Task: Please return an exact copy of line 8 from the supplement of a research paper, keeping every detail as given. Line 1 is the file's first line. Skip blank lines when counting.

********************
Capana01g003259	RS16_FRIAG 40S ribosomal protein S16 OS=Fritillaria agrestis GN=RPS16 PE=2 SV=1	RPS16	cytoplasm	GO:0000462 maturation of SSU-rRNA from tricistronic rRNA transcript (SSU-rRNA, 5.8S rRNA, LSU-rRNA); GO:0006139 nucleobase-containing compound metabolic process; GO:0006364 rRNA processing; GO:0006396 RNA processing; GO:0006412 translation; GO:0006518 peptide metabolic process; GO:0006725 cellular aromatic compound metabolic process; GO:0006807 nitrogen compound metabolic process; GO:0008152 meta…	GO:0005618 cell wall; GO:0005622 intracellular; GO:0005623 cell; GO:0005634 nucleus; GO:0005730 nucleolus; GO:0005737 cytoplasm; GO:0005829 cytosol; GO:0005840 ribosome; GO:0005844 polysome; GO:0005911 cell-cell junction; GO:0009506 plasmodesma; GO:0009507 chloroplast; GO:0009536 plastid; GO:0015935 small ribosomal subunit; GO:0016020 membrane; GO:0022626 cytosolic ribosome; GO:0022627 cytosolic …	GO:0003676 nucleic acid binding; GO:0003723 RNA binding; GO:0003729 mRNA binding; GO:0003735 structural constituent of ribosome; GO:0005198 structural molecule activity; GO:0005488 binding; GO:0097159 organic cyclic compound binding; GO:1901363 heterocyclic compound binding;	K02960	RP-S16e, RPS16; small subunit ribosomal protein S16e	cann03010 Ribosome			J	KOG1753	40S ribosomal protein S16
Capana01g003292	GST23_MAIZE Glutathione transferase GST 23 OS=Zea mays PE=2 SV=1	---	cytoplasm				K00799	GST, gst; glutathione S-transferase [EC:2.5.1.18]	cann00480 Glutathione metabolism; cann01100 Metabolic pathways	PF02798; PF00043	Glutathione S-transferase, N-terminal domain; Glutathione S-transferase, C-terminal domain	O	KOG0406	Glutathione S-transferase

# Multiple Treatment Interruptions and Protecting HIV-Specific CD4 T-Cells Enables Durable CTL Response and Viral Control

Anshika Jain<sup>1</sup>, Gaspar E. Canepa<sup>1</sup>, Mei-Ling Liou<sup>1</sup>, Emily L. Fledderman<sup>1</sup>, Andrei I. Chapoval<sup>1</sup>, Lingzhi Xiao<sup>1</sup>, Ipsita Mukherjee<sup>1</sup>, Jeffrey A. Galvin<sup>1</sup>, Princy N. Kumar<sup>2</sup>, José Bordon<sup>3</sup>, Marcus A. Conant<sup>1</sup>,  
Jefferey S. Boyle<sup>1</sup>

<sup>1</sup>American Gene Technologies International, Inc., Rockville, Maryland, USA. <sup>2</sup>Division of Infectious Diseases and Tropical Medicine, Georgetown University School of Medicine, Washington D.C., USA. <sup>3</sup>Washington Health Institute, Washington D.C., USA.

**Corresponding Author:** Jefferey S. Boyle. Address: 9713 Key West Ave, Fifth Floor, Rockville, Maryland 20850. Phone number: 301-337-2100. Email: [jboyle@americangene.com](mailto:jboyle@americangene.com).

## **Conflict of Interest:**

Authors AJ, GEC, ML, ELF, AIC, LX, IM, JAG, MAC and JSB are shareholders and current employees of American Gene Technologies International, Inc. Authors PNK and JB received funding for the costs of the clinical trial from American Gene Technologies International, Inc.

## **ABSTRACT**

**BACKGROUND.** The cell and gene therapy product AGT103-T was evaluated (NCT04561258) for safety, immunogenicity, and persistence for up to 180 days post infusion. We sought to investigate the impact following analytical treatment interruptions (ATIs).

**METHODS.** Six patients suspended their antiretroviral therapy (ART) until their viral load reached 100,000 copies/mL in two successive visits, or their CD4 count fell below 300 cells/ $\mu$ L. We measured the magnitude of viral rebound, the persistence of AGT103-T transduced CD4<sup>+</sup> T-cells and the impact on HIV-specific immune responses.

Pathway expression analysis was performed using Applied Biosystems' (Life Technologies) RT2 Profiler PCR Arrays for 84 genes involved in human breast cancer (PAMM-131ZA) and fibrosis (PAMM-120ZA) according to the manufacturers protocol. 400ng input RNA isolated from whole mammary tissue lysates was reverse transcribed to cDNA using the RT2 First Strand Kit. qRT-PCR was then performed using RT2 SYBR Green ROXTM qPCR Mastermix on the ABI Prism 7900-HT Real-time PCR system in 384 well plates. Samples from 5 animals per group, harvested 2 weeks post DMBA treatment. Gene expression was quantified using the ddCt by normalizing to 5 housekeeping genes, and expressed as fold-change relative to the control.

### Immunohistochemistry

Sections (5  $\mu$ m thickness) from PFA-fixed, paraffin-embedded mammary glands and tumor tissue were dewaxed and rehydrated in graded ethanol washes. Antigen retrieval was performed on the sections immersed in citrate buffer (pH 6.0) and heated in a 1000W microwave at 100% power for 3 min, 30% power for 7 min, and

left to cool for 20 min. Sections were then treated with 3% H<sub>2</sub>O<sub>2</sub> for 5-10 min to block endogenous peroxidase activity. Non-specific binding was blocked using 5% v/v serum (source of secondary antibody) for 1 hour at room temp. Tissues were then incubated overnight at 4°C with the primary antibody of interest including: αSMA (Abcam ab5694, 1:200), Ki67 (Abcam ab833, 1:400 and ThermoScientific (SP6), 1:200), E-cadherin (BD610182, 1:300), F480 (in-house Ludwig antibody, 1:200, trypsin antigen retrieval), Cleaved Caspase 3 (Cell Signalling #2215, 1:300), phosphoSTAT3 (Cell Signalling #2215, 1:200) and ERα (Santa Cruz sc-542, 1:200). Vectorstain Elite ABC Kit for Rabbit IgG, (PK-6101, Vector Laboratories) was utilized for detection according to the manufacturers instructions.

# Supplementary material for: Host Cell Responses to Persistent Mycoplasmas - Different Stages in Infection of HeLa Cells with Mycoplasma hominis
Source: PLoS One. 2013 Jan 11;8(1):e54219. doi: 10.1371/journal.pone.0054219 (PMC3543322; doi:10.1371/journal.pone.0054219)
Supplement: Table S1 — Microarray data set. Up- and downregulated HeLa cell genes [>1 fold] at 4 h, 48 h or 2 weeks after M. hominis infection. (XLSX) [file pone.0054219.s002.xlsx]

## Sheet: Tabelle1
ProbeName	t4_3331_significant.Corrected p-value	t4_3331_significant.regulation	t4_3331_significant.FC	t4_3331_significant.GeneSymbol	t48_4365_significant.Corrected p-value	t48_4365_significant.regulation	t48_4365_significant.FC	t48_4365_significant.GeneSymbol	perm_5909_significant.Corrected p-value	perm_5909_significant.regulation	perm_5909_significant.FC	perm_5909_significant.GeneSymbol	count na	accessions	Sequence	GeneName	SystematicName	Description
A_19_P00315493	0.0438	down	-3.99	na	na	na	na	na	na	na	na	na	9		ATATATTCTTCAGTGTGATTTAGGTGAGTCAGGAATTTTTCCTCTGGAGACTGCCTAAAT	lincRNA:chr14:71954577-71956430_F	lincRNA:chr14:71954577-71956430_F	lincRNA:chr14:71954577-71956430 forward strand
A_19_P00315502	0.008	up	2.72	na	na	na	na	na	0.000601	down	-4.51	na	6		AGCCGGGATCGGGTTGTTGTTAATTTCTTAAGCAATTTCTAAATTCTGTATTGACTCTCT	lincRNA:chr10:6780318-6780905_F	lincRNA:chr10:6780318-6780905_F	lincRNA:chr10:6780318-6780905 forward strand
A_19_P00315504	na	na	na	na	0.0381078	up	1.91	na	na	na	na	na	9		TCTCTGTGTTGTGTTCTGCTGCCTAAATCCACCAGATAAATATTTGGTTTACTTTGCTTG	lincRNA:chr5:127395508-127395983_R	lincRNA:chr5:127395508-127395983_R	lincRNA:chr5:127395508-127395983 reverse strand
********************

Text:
## **Conflict of Interest:**